Date Published: April 10, 2019
Publisher: Public Library of Science
Author(s): Su Wu, Anders M. Näär, Joseph T. Nickels.
While investigating the role played by de novo lipid (DNL) biosynthesis in cancer cells, we sought a medium condition that would support cell proliferation without providing any serum lipids. Here we report that a defined serum free cell culture medium condition containing insulin, transferrin and selenium (ITS) supports controlled study of transcriptional regulation of de novo fatty acid (DNFA) production and de novo cholesterol synthesis (DNCS) in melanoma cell lines. This lipid-free ITS medium is able to support continuous proliferation of several melanoma cell lines that utilize DNL to support their lipid requirements. We show that the ITS medium stimulates gene transcription in support of both DNFA and DNCS, specifically mediated by SREBP1/2 in melanoma cells. We further found that the ITS medium promoted SREBP1 nuclear localization and occupancy on DNFA gene promoters. Our data show clear utility of this serum and lipid-free medium for melanoma cancer cell culture and lipid-related areas of investigation.
De Novo lipid (DNL) synthesis is the metabolic pathway that converts carbohydrates into fatty acids, cholesterol, phospholipids, triglycerides, and other cellular lipids required for normal cellular homeostasis and proliferation/growth. In healthy adults, DNL is for the most part restricted to liver and adipose tissues for energy storage or distribution to other tissues. Many malignant cancer cells also exhibit elevated DNL as a hallmark adaptation to support proliferation and survival [1, 2]. Among the DNL pathways, de novo fatty acid (DNFA) biosynthesis is of particular interest as a potential therapeutic target for cancers [3, 4]. DNFA is primarily regulated at the mRNA level of catalytic enzymes that drive the biosynthetic reactions , a transcriptional process under the control of the sterol regulatory element-binding protein 1 (SREBP1) . However, DNFA gene regulation is still not fully understood at the molecular level. Cell culture studies of DNFA with widely-accepted serum-containing medium conditions are often confounded by the presence of external lipids, with consequent difficulty to disentangle the respective effects of lipid synthesis and lipid update, both of which may occur even among cells that are able to survive and proliferate using DNFA alone [6, 7].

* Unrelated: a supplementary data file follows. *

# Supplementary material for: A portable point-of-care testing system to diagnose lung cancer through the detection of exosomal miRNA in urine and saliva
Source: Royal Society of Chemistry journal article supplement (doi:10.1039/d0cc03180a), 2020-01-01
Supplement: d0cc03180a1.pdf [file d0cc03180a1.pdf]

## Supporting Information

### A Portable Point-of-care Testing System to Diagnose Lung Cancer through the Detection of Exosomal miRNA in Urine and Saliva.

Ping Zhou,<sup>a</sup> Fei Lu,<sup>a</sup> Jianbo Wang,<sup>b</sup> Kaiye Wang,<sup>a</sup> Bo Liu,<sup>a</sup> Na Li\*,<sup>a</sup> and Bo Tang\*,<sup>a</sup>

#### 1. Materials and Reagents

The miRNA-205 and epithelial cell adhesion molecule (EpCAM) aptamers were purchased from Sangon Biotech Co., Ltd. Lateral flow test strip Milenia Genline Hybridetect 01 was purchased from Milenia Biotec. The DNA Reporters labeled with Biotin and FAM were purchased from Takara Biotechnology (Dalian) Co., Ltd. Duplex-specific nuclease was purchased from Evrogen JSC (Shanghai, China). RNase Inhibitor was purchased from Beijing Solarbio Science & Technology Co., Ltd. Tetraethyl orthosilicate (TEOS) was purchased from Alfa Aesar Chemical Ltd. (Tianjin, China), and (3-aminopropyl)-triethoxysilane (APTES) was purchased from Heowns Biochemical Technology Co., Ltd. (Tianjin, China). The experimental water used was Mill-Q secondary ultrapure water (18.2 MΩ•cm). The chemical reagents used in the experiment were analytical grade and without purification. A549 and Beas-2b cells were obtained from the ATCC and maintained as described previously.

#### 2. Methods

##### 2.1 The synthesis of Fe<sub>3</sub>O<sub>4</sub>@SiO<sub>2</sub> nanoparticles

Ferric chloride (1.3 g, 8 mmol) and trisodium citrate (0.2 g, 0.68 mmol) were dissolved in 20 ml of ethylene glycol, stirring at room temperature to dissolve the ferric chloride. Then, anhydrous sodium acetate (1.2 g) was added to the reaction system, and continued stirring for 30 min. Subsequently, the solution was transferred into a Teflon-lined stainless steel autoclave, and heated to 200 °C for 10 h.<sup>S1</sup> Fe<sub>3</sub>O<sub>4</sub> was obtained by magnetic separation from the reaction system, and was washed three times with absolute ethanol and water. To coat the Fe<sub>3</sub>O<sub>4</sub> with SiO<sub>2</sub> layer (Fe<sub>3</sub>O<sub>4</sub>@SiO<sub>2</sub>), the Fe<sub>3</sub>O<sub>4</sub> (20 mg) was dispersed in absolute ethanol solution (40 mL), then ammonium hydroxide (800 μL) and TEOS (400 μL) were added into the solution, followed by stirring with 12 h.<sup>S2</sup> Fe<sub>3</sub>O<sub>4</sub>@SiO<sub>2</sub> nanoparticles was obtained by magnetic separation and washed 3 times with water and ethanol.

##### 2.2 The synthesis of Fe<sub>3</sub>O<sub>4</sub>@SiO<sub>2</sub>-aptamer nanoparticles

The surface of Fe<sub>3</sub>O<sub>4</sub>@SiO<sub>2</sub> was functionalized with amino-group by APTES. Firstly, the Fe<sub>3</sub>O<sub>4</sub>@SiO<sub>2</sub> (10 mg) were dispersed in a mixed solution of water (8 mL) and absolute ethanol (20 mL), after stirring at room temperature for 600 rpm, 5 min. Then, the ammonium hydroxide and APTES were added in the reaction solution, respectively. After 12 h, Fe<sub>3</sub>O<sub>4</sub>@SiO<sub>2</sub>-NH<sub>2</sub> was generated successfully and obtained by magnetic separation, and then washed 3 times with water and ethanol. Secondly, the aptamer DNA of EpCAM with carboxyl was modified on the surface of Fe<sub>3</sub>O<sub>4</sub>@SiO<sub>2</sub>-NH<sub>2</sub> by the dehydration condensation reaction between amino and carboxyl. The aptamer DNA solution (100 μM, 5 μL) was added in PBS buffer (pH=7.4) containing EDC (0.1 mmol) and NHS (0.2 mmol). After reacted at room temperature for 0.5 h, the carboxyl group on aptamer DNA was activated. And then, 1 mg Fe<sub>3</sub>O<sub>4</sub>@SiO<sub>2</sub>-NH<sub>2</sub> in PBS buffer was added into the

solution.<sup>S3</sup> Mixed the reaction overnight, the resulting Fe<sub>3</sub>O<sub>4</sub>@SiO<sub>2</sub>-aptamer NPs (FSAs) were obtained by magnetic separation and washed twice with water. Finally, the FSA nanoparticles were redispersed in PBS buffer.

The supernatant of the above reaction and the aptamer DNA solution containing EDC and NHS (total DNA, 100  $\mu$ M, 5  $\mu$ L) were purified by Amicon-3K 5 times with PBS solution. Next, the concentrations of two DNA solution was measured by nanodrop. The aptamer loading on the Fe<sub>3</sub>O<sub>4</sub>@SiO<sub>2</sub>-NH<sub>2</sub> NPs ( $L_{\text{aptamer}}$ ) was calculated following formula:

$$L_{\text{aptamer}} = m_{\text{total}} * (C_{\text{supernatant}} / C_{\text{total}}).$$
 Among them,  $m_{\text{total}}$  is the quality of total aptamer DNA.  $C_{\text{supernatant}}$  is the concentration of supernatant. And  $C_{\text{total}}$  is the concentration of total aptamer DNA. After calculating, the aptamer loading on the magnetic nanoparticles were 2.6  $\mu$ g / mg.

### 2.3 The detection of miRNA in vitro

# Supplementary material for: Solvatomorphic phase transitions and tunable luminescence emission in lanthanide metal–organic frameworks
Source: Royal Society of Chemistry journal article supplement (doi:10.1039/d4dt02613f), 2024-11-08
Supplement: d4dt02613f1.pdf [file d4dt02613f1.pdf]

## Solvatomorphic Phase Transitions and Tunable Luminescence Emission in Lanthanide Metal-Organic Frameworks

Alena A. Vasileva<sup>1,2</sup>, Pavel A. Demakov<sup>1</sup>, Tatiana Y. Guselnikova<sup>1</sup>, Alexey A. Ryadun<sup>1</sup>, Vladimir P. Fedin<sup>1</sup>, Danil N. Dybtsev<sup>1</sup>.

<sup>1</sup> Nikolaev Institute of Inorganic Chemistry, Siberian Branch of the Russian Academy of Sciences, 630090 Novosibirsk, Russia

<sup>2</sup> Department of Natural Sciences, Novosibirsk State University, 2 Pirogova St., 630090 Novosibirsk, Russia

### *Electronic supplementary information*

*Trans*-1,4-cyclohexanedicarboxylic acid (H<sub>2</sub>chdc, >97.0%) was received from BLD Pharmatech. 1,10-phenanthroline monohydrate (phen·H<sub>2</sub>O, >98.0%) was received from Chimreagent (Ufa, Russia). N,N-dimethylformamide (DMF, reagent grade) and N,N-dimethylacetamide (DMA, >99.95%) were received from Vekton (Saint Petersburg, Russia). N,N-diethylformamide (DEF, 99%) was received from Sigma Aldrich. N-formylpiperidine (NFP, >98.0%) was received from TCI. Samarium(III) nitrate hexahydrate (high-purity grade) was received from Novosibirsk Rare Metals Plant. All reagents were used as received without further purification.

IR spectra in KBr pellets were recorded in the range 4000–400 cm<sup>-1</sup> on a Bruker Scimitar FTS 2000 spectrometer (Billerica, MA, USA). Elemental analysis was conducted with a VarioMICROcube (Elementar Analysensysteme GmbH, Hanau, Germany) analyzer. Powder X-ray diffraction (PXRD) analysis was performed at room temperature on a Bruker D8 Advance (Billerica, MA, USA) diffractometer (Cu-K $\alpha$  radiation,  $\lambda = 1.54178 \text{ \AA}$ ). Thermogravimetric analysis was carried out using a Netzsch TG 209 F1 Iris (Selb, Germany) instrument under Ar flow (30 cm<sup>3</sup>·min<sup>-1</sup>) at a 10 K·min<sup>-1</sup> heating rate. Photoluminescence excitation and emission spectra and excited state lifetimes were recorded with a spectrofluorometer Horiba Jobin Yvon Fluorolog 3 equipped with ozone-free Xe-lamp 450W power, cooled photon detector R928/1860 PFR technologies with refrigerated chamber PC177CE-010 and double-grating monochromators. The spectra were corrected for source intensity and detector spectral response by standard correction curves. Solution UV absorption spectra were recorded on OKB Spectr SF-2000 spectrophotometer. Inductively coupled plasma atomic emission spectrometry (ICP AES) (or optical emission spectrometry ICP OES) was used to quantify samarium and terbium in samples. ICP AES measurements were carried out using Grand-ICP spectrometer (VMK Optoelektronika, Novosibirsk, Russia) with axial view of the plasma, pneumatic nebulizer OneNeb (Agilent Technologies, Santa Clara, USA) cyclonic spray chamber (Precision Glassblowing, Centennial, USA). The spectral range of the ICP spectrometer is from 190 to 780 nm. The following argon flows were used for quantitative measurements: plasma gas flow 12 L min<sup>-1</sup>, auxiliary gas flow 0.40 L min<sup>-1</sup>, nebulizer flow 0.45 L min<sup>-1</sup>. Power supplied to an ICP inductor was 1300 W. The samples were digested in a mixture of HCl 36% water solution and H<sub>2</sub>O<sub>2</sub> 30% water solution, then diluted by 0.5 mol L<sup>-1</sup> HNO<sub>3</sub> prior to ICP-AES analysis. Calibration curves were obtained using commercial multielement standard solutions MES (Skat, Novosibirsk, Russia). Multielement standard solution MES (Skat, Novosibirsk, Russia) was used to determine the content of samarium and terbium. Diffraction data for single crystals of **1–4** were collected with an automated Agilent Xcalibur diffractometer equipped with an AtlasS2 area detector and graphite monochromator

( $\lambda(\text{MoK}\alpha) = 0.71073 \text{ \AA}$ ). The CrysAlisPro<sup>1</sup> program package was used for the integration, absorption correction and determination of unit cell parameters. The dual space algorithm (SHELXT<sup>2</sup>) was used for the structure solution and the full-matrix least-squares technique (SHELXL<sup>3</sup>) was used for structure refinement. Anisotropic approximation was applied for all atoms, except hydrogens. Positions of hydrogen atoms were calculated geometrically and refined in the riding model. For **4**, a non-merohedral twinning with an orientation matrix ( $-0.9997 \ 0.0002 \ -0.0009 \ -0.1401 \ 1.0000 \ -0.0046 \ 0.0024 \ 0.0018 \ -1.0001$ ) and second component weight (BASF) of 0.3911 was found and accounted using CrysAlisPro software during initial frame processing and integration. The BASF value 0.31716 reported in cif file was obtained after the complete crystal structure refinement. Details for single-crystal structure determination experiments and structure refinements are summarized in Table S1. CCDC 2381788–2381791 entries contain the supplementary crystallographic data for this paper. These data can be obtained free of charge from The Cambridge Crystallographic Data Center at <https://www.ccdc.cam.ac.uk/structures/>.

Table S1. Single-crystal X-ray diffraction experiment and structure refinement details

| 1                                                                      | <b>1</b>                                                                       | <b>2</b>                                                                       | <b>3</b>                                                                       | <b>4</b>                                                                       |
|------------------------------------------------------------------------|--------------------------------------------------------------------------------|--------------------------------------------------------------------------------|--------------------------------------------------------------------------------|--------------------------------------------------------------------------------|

We report here that a serum-free and insulin-supplemented culture medium condition, 1% ITS supplemented RPMI-1640, supports DNFA and DNCS pathway activation as well as proliferation and survival of human melanoma cell lines. Under this condition, HT-144 cells proliferate while relying entirely on de novo lipid synthesis to meet lipid requirements. Expression of DNFA and DNCS enzymes increases significantly in cells when cultured in 1% ITS as compared with other cell culture conditions. We found that 1% ITS medium activates DNFA and DNCS gene expression through the transcription regulators SREBP1 and SREBP2, respectively. In particular, culturing cells in 1% ITS medium promoted the transcription activation of SREBP1 and accumulation of nuclear SREBP1 protein, as compared with other medium conditions, and cells cultured in 1% ITS medium exhibited further increased binding of SREBP1 at a DNFA gene promoter, consistent with high SREBP1-dependent gene activation under this medium condition.
In summary, we have identified and validated a serum-free and insulin supplemented (ITS) medium condition that is well suited for controlled study of lipogenic gene activation and its mechanism of action in melanomas, and perhaps other cancer cell types.